“There were elements of growth in the balance from what I can see and understand,” Carney said in a long response that didn’t directly answer the question. “It will take a few budgets to have the type of growth strategy that meets the imperative of what we’re going through and the opportunities that come.”
Politics and punditry: Carney’s remarks on the budget follow the political splash he made earlier this month by proclaiming his allegiance to Prime Minister Justin Trudeau’s Liberal Party.
Critics have challenged the recovery plan in Freeland’s budget for coming up short on a blueprint to truly bolster economic growth, even though it will cost taxpayers a record-breaking C$101 billion over three years.
The budget contained major commitments to invest in a greener economy, digitization and child care. Freeland says the child-care plan will, if it comes together, permanently boost GDP by 1.2 percent by increasing women’s participation in the labor force and creating jobs in the sector.
In his response on Wednesday’s podcast, Carney also told interviewer David Herle that there are times when there are “big shifts and where events accelerate big shifts.”
“Covid has absolutely accelerated both the digital and sustainable revolutions — and it is not an overstatement to say that those are revolutions,” Carney said. “We need to meet the challenges at that level. And I think the budget did some things in that direction, which are welcome, but it’s going to take more than one budget and I don’t think the government would pretend otherwise — that this is ‘job done.’”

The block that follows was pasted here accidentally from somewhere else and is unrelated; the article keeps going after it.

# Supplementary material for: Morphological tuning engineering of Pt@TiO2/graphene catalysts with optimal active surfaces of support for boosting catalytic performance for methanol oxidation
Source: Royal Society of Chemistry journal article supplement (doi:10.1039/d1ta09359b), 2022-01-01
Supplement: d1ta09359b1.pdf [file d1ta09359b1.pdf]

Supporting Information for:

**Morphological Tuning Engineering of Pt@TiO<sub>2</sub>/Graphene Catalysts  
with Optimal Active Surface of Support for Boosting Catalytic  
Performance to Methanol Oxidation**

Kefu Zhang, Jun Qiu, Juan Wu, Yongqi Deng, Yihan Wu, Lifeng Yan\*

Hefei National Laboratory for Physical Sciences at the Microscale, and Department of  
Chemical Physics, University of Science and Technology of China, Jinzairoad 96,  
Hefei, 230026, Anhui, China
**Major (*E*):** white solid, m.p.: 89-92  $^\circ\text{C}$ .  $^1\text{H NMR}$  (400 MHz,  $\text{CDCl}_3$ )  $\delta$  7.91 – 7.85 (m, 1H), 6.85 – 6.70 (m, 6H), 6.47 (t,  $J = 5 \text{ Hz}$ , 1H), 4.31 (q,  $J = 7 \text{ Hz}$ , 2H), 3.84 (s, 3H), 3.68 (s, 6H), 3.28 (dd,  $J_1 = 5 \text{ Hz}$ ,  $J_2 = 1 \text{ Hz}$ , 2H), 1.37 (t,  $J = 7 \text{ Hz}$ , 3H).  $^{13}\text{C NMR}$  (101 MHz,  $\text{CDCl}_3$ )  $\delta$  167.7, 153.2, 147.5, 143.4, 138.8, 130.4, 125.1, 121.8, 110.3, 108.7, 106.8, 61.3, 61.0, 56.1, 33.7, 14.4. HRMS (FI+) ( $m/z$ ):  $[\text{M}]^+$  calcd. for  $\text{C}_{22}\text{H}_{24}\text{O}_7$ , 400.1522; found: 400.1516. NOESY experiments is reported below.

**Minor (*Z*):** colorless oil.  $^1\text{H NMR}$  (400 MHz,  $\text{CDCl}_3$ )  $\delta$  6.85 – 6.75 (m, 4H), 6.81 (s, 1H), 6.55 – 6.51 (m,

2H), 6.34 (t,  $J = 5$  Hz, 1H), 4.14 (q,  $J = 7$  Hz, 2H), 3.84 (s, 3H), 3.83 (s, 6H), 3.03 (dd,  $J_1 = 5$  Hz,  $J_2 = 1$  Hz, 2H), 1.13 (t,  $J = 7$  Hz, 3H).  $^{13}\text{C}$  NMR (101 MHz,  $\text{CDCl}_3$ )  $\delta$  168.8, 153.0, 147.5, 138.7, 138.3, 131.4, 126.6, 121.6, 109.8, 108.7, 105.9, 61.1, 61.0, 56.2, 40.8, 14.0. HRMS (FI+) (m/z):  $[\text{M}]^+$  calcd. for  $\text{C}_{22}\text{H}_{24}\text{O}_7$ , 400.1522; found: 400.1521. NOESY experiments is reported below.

The concerns: Budget watchers have expressed doubts about the overall plan.
Robert Asselin, a former budget director for Freeland’s predecessor Bill Morneau, wrote an item last week in The Hub under the title “The federal budget has no answers on the question of growth.”
Asselin, senior vice president of policy at the Business Council of Canada, wrote that it’s “hard to find a coherent growth plan” in the 739-page budget. He did credit the plan’s proposed investments in child care, skills, life biosciences and clean technology.
In particular, he noted that the budget itself shows real GDP growth is on track to fade over the budget’s forecast horizon to around 2 percent, which would be a return to long-run growth rates.
“After doubling our federal debt in only six years, and spending close to a trillion dollars, not moving the needle on long-term growth would be the worst possible legacy of this budget,” he wrote.
Focusing on the growth: Later in the interview, Carney described Freeland's plan as a “hybrid budget.”
“It had to conquer Covid, it was doing important things on the social side and it had the start of the growth,” Carney said. “What we’re seeing in some other jurisdictions is that the focus is more squarely on the growth.”
He said a tighter focus on growth would mean more of the spending would come in the form of direct government investments. Carney said it would also likely include tax changes and other measures to encourage private investment and the expansion of jobs and incomes that will be needed down the road.
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